- authenticating the specific disc before granting access to digital
content and denying further optical disc access if the disc is not authenticated
through a encryption scheme.
According to another aspect, the invention also relates to a
manufacturing process of an optical disc to implement said authentication
method, in particular with sputtering at least one data layer with a reflective
layer of a metallic material wherein at least one reflective limited portion of the
reflective material of the reflective layer is transformed before being bonded to
a standard dummy substrate, or just after bonding to a specific dummy
substrate with missing portions facing the zones for which no reflectivity is
expected, and the portion(s) extending over a plurality of tracks between lead
in and lead out areas of the data storage layer.
Said transformation is caused:
- by specific sputtering enabling the generation of the specific
reflective layer through the use of bonding cut-out masks covering some
portions of the data layer and by removing those masks after the sputtering
process or letting them in place when they are made up with radiation
- by removal through dissolution of a limited segment of a metallic
reflective layer following a chemical or electrochemical reaction with the metal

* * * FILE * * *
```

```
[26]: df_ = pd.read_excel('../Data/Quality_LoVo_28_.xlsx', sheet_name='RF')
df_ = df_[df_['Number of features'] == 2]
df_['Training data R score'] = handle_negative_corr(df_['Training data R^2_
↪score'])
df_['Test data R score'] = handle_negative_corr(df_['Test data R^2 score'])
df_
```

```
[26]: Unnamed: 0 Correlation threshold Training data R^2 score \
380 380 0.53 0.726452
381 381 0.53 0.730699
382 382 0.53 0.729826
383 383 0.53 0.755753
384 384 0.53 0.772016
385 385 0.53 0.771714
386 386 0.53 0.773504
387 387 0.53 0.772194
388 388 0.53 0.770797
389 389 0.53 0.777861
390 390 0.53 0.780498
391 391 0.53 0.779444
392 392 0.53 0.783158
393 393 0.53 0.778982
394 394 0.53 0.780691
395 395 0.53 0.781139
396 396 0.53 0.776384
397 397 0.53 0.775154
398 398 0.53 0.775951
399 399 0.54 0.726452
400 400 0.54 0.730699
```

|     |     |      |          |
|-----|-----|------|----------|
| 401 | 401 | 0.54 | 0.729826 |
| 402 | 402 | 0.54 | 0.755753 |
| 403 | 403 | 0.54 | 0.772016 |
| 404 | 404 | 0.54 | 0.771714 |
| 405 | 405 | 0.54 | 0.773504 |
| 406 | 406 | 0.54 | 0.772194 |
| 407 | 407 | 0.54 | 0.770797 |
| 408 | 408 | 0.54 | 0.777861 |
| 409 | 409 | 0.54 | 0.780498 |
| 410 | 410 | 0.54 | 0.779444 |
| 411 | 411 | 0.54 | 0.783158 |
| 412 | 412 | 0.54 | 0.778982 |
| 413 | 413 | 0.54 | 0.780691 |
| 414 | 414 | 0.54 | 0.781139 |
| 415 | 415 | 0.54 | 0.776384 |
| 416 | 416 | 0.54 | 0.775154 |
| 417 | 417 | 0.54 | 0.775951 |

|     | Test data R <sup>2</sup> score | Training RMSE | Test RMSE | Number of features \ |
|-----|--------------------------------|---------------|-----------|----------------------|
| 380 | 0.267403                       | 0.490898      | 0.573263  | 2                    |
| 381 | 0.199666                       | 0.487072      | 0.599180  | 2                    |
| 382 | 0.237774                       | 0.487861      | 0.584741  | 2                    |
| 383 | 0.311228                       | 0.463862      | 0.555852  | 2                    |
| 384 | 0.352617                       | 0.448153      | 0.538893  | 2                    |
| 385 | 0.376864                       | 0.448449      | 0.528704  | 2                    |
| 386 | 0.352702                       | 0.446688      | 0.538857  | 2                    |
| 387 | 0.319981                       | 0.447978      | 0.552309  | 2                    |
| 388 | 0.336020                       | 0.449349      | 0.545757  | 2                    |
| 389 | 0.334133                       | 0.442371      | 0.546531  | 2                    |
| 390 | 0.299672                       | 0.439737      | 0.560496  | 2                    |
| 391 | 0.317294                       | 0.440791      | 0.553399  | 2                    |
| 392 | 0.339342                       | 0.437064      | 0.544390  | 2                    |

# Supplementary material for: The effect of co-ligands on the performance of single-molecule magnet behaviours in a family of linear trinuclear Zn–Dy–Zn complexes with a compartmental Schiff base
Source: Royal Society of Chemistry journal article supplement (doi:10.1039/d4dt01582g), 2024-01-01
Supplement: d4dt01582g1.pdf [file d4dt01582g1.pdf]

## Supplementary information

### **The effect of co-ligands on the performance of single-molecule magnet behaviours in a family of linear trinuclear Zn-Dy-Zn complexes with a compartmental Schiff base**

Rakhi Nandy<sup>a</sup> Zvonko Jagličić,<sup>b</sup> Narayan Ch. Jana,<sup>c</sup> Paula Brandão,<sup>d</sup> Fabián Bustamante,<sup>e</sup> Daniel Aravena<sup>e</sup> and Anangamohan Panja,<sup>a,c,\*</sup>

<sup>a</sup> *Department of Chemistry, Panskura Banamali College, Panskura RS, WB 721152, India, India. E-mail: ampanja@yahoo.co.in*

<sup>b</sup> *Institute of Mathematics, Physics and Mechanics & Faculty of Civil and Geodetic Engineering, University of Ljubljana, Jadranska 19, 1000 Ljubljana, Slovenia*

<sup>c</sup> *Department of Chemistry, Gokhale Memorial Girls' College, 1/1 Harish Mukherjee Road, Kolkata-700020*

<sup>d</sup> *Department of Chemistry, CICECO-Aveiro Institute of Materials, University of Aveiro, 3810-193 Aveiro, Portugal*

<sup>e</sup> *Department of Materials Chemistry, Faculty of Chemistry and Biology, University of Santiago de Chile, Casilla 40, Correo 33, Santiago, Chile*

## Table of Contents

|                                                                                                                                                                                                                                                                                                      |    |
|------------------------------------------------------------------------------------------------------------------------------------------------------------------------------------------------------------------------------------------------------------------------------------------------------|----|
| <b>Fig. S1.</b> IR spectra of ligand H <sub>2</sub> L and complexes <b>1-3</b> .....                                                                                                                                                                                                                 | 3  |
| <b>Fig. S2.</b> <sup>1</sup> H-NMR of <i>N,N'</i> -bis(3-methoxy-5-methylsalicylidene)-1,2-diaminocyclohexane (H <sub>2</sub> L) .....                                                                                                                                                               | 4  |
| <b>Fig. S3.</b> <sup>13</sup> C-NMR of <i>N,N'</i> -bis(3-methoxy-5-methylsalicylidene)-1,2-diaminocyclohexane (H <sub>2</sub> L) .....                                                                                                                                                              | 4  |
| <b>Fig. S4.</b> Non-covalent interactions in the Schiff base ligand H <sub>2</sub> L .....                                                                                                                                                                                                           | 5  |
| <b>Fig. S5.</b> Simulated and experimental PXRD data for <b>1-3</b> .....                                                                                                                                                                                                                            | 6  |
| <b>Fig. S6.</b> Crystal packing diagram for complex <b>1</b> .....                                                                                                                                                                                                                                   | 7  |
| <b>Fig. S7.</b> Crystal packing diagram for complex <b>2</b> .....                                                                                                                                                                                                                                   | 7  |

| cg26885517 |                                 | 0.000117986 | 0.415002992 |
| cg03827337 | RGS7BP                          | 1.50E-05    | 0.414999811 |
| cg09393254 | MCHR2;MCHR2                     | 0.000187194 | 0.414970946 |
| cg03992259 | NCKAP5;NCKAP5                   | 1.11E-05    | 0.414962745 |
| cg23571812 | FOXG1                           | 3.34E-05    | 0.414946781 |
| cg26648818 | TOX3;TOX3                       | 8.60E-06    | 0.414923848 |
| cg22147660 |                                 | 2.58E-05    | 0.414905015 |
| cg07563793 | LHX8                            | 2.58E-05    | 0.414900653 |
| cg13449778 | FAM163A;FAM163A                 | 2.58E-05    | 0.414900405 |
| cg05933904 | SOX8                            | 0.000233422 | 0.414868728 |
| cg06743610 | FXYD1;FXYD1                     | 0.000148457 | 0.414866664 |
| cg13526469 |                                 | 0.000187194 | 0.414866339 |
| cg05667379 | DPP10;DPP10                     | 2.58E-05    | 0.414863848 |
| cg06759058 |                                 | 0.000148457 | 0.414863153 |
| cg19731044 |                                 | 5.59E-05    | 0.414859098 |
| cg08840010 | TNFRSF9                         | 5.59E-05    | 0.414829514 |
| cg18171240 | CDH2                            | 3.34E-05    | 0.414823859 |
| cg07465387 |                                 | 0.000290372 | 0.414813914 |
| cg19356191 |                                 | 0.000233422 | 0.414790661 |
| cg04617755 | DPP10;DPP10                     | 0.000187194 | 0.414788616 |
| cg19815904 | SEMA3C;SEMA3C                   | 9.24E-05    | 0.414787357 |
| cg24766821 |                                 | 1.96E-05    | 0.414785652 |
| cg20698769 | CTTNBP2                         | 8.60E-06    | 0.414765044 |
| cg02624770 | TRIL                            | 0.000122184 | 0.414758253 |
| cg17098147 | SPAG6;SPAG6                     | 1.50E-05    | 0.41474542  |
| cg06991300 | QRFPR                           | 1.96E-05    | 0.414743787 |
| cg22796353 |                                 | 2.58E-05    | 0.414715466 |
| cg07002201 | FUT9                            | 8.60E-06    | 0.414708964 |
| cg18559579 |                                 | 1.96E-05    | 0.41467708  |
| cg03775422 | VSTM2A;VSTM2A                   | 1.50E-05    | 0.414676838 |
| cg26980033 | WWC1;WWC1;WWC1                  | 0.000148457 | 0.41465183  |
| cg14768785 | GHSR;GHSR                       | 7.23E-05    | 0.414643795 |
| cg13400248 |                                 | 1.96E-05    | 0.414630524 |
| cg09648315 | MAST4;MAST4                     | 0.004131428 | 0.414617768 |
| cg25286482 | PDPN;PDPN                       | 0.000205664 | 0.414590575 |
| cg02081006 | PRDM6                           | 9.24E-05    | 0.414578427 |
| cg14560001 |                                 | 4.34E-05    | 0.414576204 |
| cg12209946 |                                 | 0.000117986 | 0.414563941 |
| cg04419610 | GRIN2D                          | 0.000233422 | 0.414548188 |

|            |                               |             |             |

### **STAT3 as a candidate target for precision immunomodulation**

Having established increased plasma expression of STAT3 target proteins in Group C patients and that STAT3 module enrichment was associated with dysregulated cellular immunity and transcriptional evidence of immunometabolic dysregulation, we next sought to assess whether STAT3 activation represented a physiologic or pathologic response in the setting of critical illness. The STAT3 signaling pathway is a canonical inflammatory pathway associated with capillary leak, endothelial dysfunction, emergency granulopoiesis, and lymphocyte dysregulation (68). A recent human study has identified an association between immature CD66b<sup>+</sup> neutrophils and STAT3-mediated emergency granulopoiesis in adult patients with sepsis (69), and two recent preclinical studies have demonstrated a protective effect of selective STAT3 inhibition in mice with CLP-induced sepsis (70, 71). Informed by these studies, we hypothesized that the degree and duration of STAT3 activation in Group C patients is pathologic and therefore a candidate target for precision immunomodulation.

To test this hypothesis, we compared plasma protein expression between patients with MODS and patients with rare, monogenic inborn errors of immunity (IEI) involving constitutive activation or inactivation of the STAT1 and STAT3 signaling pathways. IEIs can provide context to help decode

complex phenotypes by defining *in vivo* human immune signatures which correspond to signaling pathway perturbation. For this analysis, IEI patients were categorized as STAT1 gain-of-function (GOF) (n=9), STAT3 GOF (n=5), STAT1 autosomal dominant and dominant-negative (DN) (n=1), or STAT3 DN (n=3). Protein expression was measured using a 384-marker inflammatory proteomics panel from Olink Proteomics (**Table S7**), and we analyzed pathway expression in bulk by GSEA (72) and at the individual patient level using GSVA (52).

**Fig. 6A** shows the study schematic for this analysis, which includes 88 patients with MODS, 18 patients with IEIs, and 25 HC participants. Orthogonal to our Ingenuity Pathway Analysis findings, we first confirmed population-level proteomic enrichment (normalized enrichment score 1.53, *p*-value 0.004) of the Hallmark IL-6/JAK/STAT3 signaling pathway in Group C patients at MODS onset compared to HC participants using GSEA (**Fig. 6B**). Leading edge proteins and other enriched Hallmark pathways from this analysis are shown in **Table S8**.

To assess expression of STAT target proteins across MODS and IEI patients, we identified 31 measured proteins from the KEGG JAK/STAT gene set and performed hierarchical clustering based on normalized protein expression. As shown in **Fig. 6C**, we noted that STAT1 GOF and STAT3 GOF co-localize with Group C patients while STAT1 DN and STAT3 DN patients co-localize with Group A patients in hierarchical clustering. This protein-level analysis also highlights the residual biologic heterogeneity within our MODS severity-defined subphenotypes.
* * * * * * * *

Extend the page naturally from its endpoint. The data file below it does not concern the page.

used as reflective material, respectively during sputtering or after sputtering;
According to particular embodiments:
- the non-reflective portion(s) of the reflective layer and the data
layer(s) are indexed so that specific data are facing the missing portion(s) of
the reflective layer;
- in the authoring step, various missing sectors are planned to be
missing during the latter manufacturing process, of which only some will be at
last non reflective zones;
- the missing portion(s) of the reflective layer results of a
substantial oblong ablation of material throughout all the disc layers, these
specific portions span over multiple tracks of the optical disc in the dimension
perpendicular to the tracks and between substantially 500 µm and 5 mm in the
dimension parallel to the tracks.
The process does not divert too much from the current replication
industrial process and can be implemented at industrial cost comparable to